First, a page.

Such were our pilgrim fathers, who fled from dire oppression for righteousness' sake, across the Atlantic, and peopled New-England. No people on earth, if the Jews be excepted, ever had equal reason, with us, to venerate and to rejoice in the character of their ancestors. Happy are those of their descendants who possess the mantle of their evangelical spirit!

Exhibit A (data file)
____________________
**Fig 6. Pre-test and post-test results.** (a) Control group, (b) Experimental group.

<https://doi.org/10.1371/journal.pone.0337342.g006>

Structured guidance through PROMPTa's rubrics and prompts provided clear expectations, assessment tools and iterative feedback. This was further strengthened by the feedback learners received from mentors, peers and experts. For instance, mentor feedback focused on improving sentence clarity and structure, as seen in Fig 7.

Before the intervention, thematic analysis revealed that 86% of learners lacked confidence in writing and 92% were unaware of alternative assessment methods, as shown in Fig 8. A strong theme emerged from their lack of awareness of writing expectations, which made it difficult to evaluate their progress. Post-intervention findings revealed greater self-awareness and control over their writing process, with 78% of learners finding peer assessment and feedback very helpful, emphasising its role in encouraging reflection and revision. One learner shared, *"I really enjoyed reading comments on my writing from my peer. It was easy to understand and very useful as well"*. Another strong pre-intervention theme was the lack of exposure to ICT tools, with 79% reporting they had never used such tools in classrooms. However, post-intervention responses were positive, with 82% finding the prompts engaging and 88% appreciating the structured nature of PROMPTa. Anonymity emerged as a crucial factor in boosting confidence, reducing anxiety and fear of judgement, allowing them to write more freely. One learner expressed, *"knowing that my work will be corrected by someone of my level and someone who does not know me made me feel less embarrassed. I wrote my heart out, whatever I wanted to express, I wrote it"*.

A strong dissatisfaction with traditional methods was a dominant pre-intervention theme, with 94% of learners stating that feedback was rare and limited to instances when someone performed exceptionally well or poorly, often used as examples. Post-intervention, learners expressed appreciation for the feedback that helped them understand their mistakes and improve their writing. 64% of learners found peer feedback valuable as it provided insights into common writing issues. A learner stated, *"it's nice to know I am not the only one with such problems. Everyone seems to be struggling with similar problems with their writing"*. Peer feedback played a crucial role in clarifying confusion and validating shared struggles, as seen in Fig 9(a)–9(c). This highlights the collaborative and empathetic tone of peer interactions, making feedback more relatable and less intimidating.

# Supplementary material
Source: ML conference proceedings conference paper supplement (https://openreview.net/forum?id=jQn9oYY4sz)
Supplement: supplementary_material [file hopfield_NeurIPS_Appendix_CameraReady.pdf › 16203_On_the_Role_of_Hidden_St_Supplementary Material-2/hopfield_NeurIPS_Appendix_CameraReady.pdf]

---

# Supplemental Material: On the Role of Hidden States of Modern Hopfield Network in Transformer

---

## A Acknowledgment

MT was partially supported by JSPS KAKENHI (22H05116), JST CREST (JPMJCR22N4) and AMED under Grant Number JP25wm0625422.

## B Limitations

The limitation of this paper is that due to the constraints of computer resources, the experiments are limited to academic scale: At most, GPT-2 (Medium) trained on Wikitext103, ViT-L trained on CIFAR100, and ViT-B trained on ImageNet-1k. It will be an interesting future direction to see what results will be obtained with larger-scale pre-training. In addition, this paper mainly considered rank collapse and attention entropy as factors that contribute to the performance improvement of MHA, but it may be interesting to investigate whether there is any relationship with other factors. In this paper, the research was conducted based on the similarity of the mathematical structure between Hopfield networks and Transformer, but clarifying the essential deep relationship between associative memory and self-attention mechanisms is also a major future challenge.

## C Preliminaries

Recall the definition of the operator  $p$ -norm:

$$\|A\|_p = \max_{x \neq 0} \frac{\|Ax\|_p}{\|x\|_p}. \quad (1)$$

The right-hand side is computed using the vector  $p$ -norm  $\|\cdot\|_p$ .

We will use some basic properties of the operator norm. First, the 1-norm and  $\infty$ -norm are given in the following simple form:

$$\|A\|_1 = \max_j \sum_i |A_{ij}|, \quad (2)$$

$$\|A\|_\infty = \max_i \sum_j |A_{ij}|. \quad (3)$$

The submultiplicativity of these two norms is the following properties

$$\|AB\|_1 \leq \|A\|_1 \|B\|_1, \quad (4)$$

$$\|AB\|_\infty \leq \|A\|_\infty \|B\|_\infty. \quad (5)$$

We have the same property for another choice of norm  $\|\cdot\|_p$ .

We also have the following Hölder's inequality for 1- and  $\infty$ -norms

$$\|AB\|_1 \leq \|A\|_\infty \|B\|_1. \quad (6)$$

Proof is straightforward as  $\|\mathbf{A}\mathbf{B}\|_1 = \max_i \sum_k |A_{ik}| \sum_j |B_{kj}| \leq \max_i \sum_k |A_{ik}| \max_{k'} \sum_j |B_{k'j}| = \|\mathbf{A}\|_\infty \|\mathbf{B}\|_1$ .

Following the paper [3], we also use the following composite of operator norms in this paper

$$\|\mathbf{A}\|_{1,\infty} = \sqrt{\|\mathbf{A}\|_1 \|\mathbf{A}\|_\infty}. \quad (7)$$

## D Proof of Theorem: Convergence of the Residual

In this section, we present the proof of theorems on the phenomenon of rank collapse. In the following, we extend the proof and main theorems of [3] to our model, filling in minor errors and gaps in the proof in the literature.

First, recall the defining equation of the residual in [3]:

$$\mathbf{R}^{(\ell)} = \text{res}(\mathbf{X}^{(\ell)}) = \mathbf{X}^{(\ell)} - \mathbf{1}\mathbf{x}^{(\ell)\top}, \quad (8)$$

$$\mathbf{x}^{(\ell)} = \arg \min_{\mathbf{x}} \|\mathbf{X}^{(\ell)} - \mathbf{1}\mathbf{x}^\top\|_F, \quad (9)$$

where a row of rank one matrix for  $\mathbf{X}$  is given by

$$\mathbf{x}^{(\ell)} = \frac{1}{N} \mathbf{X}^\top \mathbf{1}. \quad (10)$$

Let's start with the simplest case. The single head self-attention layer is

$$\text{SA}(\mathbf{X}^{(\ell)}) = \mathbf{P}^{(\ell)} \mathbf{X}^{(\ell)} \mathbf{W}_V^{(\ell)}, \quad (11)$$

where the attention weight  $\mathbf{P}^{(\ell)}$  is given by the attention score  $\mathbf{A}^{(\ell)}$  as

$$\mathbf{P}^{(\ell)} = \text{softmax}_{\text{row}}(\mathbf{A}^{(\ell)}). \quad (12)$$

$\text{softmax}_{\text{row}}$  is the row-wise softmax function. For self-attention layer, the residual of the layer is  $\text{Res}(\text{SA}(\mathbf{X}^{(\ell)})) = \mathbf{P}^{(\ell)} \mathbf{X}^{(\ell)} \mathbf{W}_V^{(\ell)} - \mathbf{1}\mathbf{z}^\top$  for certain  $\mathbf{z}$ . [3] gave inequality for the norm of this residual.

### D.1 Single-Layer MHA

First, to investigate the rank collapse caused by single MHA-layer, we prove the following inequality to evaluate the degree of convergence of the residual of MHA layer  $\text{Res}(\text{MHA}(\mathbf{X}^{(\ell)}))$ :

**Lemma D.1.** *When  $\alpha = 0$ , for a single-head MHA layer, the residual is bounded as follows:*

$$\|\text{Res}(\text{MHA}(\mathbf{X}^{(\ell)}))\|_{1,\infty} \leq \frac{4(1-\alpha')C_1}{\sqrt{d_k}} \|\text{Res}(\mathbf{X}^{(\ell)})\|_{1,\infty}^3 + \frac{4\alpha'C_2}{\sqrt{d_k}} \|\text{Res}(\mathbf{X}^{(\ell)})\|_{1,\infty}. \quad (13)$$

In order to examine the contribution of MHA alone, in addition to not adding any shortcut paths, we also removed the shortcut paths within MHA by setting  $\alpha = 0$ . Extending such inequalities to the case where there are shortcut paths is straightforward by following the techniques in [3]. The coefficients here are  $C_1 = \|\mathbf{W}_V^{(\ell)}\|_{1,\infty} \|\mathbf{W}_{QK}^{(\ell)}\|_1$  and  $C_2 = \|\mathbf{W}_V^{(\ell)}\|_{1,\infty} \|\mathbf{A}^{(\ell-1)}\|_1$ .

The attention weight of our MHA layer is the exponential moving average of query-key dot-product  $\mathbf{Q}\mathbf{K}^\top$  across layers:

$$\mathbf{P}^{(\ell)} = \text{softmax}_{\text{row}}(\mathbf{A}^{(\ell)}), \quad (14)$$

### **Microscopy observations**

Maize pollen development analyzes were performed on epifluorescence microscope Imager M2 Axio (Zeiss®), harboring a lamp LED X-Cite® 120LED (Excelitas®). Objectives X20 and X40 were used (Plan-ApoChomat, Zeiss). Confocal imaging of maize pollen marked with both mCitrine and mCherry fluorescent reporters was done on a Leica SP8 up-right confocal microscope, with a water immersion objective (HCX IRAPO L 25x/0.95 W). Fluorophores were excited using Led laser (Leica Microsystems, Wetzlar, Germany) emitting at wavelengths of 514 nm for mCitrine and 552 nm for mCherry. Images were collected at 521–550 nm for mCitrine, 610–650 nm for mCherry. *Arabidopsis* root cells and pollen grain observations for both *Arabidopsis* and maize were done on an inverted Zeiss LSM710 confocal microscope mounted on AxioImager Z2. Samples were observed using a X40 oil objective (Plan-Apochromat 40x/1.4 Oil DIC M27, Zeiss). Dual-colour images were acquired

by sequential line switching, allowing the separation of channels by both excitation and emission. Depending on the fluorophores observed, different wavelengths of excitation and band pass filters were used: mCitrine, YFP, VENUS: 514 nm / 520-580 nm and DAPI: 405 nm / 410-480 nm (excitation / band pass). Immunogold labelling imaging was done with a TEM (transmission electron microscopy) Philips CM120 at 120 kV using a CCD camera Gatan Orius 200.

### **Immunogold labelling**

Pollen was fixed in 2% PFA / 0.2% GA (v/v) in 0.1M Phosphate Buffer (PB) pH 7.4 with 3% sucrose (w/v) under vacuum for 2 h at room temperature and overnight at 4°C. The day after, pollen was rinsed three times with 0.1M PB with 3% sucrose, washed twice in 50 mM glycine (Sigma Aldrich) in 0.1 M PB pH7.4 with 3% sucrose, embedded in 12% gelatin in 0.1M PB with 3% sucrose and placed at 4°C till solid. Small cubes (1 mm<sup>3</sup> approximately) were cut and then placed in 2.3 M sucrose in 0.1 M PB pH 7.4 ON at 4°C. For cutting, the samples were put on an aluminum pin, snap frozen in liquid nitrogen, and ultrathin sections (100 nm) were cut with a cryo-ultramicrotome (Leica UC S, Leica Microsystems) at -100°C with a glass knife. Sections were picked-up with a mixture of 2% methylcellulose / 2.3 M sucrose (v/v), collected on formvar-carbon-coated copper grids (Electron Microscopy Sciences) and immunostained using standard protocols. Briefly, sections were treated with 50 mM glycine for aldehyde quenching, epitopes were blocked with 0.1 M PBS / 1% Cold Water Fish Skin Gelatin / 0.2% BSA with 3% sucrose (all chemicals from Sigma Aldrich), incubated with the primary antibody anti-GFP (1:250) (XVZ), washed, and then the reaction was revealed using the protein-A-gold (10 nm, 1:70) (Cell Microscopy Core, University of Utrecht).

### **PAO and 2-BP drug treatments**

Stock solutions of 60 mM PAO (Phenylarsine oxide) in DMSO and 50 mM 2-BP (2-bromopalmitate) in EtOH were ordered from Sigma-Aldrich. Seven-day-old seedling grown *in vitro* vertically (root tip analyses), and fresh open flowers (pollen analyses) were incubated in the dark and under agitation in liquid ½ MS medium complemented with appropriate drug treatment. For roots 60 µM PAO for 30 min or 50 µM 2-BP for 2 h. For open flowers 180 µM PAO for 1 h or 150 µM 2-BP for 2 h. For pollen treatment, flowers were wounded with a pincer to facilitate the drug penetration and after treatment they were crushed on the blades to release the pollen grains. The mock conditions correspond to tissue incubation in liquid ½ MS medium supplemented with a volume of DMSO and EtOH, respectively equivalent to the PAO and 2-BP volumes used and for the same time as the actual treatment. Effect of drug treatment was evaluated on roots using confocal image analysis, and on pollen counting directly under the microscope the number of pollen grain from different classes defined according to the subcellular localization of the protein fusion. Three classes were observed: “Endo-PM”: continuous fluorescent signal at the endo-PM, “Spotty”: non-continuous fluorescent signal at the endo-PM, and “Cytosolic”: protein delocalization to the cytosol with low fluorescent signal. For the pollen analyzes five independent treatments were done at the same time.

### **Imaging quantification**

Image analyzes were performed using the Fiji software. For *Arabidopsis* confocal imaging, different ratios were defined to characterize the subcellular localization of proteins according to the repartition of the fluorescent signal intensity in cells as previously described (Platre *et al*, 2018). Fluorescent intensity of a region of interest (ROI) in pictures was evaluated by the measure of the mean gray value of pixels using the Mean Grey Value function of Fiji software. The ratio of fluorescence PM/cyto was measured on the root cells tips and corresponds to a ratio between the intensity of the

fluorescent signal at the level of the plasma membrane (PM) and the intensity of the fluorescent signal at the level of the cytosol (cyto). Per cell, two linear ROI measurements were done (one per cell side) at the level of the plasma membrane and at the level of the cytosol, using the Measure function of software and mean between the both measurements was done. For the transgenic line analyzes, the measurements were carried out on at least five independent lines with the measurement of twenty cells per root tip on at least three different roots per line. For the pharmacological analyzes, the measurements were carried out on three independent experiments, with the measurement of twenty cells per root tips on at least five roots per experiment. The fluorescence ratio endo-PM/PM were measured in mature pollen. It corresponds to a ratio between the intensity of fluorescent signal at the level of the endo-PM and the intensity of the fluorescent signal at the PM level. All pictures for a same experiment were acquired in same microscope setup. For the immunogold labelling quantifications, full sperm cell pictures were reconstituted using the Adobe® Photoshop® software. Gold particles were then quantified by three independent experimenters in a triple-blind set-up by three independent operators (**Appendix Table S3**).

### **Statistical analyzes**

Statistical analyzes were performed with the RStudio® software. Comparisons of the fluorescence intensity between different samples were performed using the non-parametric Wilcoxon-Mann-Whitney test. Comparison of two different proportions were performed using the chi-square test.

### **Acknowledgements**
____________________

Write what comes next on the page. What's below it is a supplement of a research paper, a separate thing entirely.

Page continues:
4. The trials of our pilgrim fathers, even after those which have been noted as occasioning their flight to those wilds of America, were such as well to accord with the figure in our text, of their flight being into a wilderness! They set forth for their distant retreat. But they must be made to feel, at the outset, that they were indeed entering on trials; such trials as we can perceive were well denoted by the figure of a wilderness state. Though their coming hither has proved to have been of such vast importance to the church, and to the world; yet almost every thing seemed to withstand the event. One of their vessels, soon after their voyage was commenced, sprang a leak; and they must return from sea, to refit. In a second attempt of the voyage, they must be driven back from sea by a tempest. They put to sea a third time; and another tempest seemed to dispute their passage; insomuch, that they began devoutly to fear that Heaven was against them; and that they must relinquish their enterprise. But God meant not so. He designed to try them indeed, and to a degree, which should bear some proportion to the importance of the occasion, and of the state, on which they were